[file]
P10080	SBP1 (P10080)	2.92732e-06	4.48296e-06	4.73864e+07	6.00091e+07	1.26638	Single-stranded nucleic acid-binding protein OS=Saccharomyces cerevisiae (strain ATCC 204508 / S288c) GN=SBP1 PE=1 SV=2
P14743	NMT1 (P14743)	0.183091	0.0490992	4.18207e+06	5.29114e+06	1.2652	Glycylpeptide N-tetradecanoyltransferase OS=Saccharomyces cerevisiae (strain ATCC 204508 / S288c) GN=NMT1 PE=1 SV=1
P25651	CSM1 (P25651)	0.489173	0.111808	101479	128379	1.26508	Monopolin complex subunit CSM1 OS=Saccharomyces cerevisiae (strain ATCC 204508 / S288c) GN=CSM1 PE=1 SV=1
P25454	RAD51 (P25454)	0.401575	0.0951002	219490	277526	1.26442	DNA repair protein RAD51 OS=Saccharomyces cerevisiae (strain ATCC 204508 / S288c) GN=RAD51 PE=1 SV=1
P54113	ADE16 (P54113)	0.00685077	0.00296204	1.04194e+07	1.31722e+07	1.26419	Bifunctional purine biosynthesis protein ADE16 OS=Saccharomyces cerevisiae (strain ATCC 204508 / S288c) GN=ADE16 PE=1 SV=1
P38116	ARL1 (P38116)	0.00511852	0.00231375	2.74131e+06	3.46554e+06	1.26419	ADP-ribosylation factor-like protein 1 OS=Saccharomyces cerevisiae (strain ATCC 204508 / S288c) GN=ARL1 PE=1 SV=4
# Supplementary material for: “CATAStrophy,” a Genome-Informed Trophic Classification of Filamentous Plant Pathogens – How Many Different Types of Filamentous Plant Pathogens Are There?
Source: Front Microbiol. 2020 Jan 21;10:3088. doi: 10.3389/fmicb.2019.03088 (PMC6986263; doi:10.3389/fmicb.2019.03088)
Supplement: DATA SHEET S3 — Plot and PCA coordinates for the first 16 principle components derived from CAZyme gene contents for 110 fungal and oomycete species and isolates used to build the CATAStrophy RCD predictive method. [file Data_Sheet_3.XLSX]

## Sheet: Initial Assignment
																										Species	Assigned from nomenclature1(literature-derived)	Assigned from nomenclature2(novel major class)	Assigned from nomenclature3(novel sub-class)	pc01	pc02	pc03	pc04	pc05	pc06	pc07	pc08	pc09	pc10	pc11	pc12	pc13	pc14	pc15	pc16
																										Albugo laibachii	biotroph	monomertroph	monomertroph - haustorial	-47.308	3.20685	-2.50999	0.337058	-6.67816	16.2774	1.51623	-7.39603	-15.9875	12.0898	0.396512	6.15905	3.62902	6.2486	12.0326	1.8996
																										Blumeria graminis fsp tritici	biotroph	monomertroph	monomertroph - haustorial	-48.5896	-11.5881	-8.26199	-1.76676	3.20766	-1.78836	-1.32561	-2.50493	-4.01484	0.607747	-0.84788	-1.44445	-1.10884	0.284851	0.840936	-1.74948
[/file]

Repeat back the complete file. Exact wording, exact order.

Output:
P10080	SBP1 (P10080)	2.92732e-06	4.48296e-06	4.73864e+07	6.00091e+07	1.26638	Single-stranded nucleic acid-binding protein OS=Saccharomyces cerevisiae (strain ATCC 204508 / S288c) GN=SBP1 PE=1 SV=2
P14743	NMT1 (P14743)	0.183091	0.0490992	4.18207e+06	5.29114e+06	1.2652	Glycylpeptide N-tetradecanoyltransferase OS=Saccharomyces cerevisiae (strain ATCC 204508 / S288c) GN=NMT1 PE=1 SV=1
P25651	CSM1 (P25651)	0.489173	0.111808	101479	128379	1.26508	Monopolin complex subunit CSM1 OS=Saccharomyces cerevisiae (strain ATCC 204508 / S288c) GN=CSM1 PE=1 SV=1
P25454	RAD51 (P25454)	0.401575	0.0951002	219490	277526	1.26442	DNA repair protein RAD51 OS=Saccharomyces cerevisiae (strain ATCC 204508 / S288c) GN=RAD51 PE=1 SV=1
P54113	ADE16 (P54113)	0.00685077	0.00296204	1.04194e+07	1.31722e+07	1.26419	Bifunctional purine biosynthesis protein ADE16 OS=Saccharomyces cerevisiae (strain ATCC 204508 / S288c) GN=ADE16 PE=1 SV=1
P38116	ARL1 (P38116)	0.00511852	0.00231375	2.74131e+06	3.46554e+06	1.26419	ADP-ribosylation factor-like protein 1 OS=Saccharomyces cerevisiae (strain ATCC 204508 / S288c) GN=ARL1 PE=1 SV=4
# Supplementary material for: “CATAStrophy,” a Genome-Informed Trophic Classification of Filamentous Plant Pathogens – How Many Different Types of Filamentous Plant Pathogens Are There?
Source: Front Microbiol. 2020 Jan 21;10:3088. doi: 10.3389/fmicb.2019.03088 (PMC6986263; doi:10.3389/fmicb.2019.03088)
Supplement: DATA SHEET S3 — Plot and PCA coordinates for the first 16 principle components derived from CAZyme gene contents for 110 fungal and oomycete species and isolates used to build the CATAStrophy RCD predictive method. [file Data_Sheet_3.XLSX]

## Sheet: Initial Assignment
																										Species	Assigned from nomenclature1(literature-derived)	Assigned from nomenclature2(novel major class)	Assigned from nomenclature3(novel sub-class)	pc01	pc02	pc03	pc04	pc05	pc06	pc07	pc08	pc09	pc10	pc11	pc12	pc13	pc14	pc15	pc16
																										Albugo laibachii	biotroph	monomertroph	monomertroph - haustorial	-47.308	3.20685	-2.50999	0.337058	-6.67816	16.2774	1.51623	-7.39603	-15.9875	12.0898	0.396512	6.15905	3.62902	6.2486	12.0326	1.8996
																										Blumeria graminis fsp tritici	biotroph	monomertroph	monomertroph - haustorial	-48.5896	-11.5881	-8.26199	-1.76676	3.20766	-1.78836	-1.32561	-2.50493	-4.01484	0.607747	-0.84788	-1.44445	-1.10884	0.284851	0.840936	-1.74948